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Litigation

The Final Countdown: Limitation Dates: What they are and why they are important

Limitation Dates

Tuesday, September 28, 2021

Limitation dates arise from the Limitation Act 1980 and create deadlines for when various types of claim must be issued at Court. Whilst the applicable deadline varies between different types of claim, the purpose of limitation dates is clear and consistent: to bring a certainty and finality to litigation. The aim is to avoid parties arguing over historic events whereby it would be impossible to hold a fair trial as the applicable evidence will inevitably no longer be available.

In the event that you issue a claim after your limitation date has expired, the Defendant will be able to apply to the Court to strike out your claim (i.e., dismiss the claim in its entirety) regardless of its merits. As such, it is imperative that your claim is issued at the Court prior to your limitation date, failing which you may be unable to pursue relief and damages to which you may otherwise be entitled.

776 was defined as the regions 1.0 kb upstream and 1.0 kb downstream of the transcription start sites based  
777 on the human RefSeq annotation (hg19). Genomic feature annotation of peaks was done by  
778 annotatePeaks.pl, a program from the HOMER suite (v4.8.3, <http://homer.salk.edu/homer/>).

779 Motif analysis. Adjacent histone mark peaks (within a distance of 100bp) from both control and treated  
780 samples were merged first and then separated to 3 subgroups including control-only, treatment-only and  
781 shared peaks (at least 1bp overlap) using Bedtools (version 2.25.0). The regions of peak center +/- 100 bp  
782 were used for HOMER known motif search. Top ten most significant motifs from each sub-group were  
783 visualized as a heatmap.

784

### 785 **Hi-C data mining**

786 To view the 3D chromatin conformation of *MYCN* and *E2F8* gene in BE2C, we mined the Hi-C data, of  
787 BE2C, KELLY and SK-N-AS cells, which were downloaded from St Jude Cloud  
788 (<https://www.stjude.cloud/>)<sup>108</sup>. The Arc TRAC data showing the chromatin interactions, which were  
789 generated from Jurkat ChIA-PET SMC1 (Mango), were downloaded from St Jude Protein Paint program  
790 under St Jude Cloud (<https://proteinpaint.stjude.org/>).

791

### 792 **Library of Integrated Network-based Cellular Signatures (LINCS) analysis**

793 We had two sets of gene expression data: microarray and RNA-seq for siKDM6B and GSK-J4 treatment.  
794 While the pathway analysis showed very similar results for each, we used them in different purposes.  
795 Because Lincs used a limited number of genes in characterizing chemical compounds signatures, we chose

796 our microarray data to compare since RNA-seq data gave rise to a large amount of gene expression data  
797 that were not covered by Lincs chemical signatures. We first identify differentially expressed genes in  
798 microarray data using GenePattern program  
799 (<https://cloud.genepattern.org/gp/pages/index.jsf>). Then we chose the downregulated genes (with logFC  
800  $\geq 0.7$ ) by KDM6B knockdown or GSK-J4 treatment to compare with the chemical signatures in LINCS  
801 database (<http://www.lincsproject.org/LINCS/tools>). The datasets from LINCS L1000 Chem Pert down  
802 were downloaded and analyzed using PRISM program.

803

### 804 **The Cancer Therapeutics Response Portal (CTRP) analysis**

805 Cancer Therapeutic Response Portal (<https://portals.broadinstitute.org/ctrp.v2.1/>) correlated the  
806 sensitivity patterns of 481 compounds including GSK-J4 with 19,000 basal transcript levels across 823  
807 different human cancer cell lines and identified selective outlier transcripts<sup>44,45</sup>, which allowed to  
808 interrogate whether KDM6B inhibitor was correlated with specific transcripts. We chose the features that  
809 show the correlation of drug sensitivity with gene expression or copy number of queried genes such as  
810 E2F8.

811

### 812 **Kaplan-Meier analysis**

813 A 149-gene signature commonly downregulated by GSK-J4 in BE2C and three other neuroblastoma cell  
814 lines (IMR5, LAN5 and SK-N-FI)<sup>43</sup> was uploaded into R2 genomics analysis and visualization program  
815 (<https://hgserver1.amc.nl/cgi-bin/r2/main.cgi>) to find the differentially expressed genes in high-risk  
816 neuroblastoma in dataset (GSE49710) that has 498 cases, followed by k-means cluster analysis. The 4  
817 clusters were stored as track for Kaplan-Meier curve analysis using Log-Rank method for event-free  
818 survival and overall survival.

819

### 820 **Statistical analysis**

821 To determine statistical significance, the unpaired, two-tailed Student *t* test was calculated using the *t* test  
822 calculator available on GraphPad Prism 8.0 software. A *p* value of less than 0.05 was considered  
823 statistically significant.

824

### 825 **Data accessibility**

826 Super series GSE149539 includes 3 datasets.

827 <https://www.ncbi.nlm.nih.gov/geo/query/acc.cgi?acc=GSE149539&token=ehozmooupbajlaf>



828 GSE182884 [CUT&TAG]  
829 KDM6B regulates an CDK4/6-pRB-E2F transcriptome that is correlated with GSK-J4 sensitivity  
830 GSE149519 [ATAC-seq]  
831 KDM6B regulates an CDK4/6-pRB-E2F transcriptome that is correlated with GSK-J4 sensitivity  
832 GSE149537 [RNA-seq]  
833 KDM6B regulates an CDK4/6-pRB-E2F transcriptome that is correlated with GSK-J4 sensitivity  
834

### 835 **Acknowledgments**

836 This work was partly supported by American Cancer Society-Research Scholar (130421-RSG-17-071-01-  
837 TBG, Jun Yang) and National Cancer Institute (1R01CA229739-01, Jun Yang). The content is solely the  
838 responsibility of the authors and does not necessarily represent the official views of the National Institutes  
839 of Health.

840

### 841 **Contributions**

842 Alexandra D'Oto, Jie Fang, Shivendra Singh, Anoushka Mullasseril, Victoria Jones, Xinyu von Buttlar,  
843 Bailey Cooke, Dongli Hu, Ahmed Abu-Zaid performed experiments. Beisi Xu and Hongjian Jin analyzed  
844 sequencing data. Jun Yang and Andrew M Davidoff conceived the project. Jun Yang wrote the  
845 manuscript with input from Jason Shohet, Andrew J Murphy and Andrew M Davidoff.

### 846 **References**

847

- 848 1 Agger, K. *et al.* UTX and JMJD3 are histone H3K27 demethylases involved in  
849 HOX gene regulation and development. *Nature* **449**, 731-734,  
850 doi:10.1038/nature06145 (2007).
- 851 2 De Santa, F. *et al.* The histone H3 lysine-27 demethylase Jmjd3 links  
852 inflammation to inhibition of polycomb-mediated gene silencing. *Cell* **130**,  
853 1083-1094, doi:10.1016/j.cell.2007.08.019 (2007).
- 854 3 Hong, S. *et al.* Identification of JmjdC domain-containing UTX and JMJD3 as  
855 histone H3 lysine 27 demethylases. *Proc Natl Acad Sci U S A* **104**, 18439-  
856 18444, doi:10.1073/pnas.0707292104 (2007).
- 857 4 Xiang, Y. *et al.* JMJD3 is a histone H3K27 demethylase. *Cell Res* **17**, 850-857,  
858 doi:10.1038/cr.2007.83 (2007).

The rules surrounding limitation dates are notoriously complex with a variety of factors affecting when your specific limitation clock begins to run. As such, it is imperative to seek legal advice immediately.

However, some basic limitation periods are set out in the table below:

Nature of Action Starting Point Length of Limitation Period
Simple contract The date of the breach of contract Six years.
Tort (e.g., negligence) The date the damage is suffered. Six years.
Personal injury or death Later of:
Accrual of cause of action.
Date of knowledge of the person injured.
Three years.
Defamation or malicious falsehood Accrual of cause of action. One year.
Informal loan contracts (loan agreements which do not provide a fixed date for repayment and which do not effectively provide for repayment on demand). The date of written demand for repayment. Six years.
Specialty (such as documents under seal, including some deeds). Accrual of cause of action. 12 years.
Action to recover land Accrual of cause of action (dispossession or discontinuance of possession). 12 years.
Action to recover rent The date on which rent arrears become due. Six years.

This article is for general information only and does not constitute legal or professional advice. Please note that the law may have changed since this article was published.

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